1. Sweet 750
Yeah, we know it looks like some sort of quaint classic racer. But a quarter-century ago, this bike was as cool as the Millennium Falcon. It went like it too, at least in comparison with the rest of the “sportbike” options out there. Suzuki claimed over 100 horsepower at the wheel, but the horses weren’t as strong in the 1980s as they are these days (nobody really had dynos except the factories back then, so who was checking?).
The 1986 GSX-R750 was darned light (under 400 pounds) and had some sweet running gear: aluminum frame, ten-piston brake setup and adjustable suspension. It got us started down the proper superbike road as it became a legend in its own time.
2. Tread Softly
Like all the best ideas, this one is pretty obvious and very simple. Soft tires are sticky, but the centers wear out too fast for general street riding, making them all square and mostly horrible. The solution? Make the center of the tread out of harder rubber and keep the edges nice and soft. This way, when you’re upright on the freeway and don’t need massive cornering grip, you’re riding on tough-wearing rubber. Lean over into a bend and you get soft, grippy rubber—perfect.
Of course, it was a nightmare to get right. Bridgestone was the first to come out with the technology on its Battlax range, which dates back to the BT50 on the original Honda CBR900RR. But it was the BT56 in 1997 that really brought the tech. Nowadays, you can get up to five different layers of tread in a Bridgestone tire, giving even more grip and mileage.
3. Mr. Daytona
It’s a little-known fact that the US is actually the king of World Superbike racing. Yep, Old Glory has waved over no fewer than nine championship ceremonies with a spectacular six champions. This knocks the Old World into a cocked hat, even though England is next on the list with seven championships and three champs.
Nevertheless, guys like Fred Merkel, Doug Polen and Colin Edwards have shown the Euros what’s what on a variety of machinery. But it’s Scott Russell who was the stuff of true superbike mythology. He’d nursed his Kawasaki Ninja ZX-7RR to an incident-riddled 1993 WSB championship, which remains the sole Kawasaki title. But it was his 1995 win at the non- Daytona 200 that really nailed his reputation. Fast-but-dull Brit Carl Fogarty was at the beginning of his golden four-title WSB run on the Ducati 916. Many observers put that down to the built-in benefit that the (Italian-run) WSB series handed to the (Italian) Ducati and its near-liter capacity.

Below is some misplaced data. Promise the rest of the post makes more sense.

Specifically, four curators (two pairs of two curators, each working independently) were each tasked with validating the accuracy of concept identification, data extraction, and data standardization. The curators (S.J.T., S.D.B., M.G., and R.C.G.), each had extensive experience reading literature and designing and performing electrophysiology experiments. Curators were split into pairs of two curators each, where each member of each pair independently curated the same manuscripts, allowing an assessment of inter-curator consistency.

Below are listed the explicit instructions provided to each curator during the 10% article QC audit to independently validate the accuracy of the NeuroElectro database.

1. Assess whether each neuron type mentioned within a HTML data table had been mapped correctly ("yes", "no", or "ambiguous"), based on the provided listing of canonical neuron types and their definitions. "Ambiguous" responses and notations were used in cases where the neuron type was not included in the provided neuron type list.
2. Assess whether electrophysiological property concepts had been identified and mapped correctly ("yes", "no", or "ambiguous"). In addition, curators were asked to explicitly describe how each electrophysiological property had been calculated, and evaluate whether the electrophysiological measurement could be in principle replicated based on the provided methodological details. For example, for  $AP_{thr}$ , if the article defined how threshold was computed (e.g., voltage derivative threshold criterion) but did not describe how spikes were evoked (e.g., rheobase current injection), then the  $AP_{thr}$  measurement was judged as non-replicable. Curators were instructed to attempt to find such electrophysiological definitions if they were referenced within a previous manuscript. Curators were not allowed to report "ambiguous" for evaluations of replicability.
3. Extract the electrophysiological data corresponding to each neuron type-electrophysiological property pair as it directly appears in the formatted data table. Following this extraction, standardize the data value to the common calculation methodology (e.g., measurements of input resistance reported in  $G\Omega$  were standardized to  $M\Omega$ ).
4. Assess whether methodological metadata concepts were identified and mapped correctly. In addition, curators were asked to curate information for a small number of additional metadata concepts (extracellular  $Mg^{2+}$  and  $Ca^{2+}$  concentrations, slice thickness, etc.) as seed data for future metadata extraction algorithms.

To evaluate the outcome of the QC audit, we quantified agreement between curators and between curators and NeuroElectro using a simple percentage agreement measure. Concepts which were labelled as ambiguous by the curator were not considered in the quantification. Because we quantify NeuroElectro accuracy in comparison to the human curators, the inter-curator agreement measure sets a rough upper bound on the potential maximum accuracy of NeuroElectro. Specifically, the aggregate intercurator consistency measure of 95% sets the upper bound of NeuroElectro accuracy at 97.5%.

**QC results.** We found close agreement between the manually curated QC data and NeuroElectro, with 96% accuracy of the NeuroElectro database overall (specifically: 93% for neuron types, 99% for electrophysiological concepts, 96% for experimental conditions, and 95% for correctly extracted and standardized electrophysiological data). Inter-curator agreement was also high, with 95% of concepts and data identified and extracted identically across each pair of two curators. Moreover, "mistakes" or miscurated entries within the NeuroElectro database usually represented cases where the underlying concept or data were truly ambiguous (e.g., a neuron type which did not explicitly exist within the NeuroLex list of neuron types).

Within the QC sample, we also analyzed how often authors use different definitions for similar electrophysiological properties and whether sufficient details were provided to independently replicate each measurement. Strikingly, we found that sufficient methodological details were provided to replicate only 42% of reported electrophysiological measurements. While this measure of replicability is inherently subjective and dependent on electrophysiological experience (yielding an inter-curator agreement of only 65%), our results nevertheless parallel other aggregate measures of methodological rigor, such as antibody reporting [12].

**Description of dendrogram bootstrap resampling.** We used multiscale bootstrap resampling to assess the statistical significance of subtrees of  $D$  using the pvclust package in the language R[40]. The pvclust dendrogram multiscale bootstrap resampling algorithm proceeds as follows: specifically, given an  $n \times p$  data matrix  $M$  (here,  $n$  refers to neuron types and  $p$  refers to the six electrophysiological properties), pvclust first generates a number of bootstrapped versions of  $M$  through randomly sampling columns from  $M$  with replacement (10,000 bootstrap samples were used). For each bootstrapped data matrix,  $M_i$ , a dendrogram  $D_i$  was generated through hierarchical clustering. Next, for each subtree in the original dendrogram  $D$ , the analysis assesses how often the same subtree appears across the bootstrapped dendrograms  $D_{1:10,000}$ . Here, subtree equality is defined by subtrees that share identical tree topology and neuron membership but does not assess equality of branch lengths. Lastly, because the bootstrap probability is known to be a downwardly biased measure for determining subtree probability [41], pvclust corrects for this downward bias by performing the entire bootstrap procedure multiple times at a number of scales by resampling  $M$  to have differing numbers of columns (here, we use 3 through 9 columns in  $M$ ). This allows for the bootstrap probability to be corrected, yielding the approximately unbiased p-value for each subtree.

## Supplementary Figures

But nobody told Russell about the script and he put the Ninja on the top step of the podium. Despite crashing the Muzzy bike on the first lap he picked it up and beat the outspoken Fogarty to the finish line.
4. Wide As You Like
Sometimes, the school kid inside you is right. Loud pipes rule. Garish paint jobs rock. And as for back tires well, they should be wide, wide, wide.
Never mind the handling, nothing says “bad boy” quite like a super-wide back tire.
The mainstream has pretty much stopped at the 190-section on most sportbikes, with the occasional excursion into 200 territory (ZX-12R). Thank the lord then for the guys at Roaring Toyz who pioneered the 240, 300 and even 330mm-wide rear ends that have made so many sweet customs look properly bad-assed.
Sure, chromed out bling bikes with swingarm extensions have been around since the prefix “sport” was added to “bike,” but it wasn’t until the early 2000s that tuning shops started to beef up the backs. The trend began in “cornerless” Florida and has become as commonplace as a Harley rider smoking a cigar.
5. Different Strokes
Yes, we loved 500cc two-stroke MotoGP bikes too, but their days were always numbered due to pollution, and they sounded like a broken moped with the throttle stuck. Luckily, the four-stroke engines that replaced them in 2002 were produced by firms in their prime who had cash to burn. Honda came out with a V-5 while Suzuki made a V-4, and they both had pneumatic valves and crazy-assed technology all over. Capacity nearly doubled to 990cc, and power outputs hit 225 horsepower almost straight away. Open pipes and 17,500 RPM redlines made for an incredible aural spectacle and gave us some awesome racing.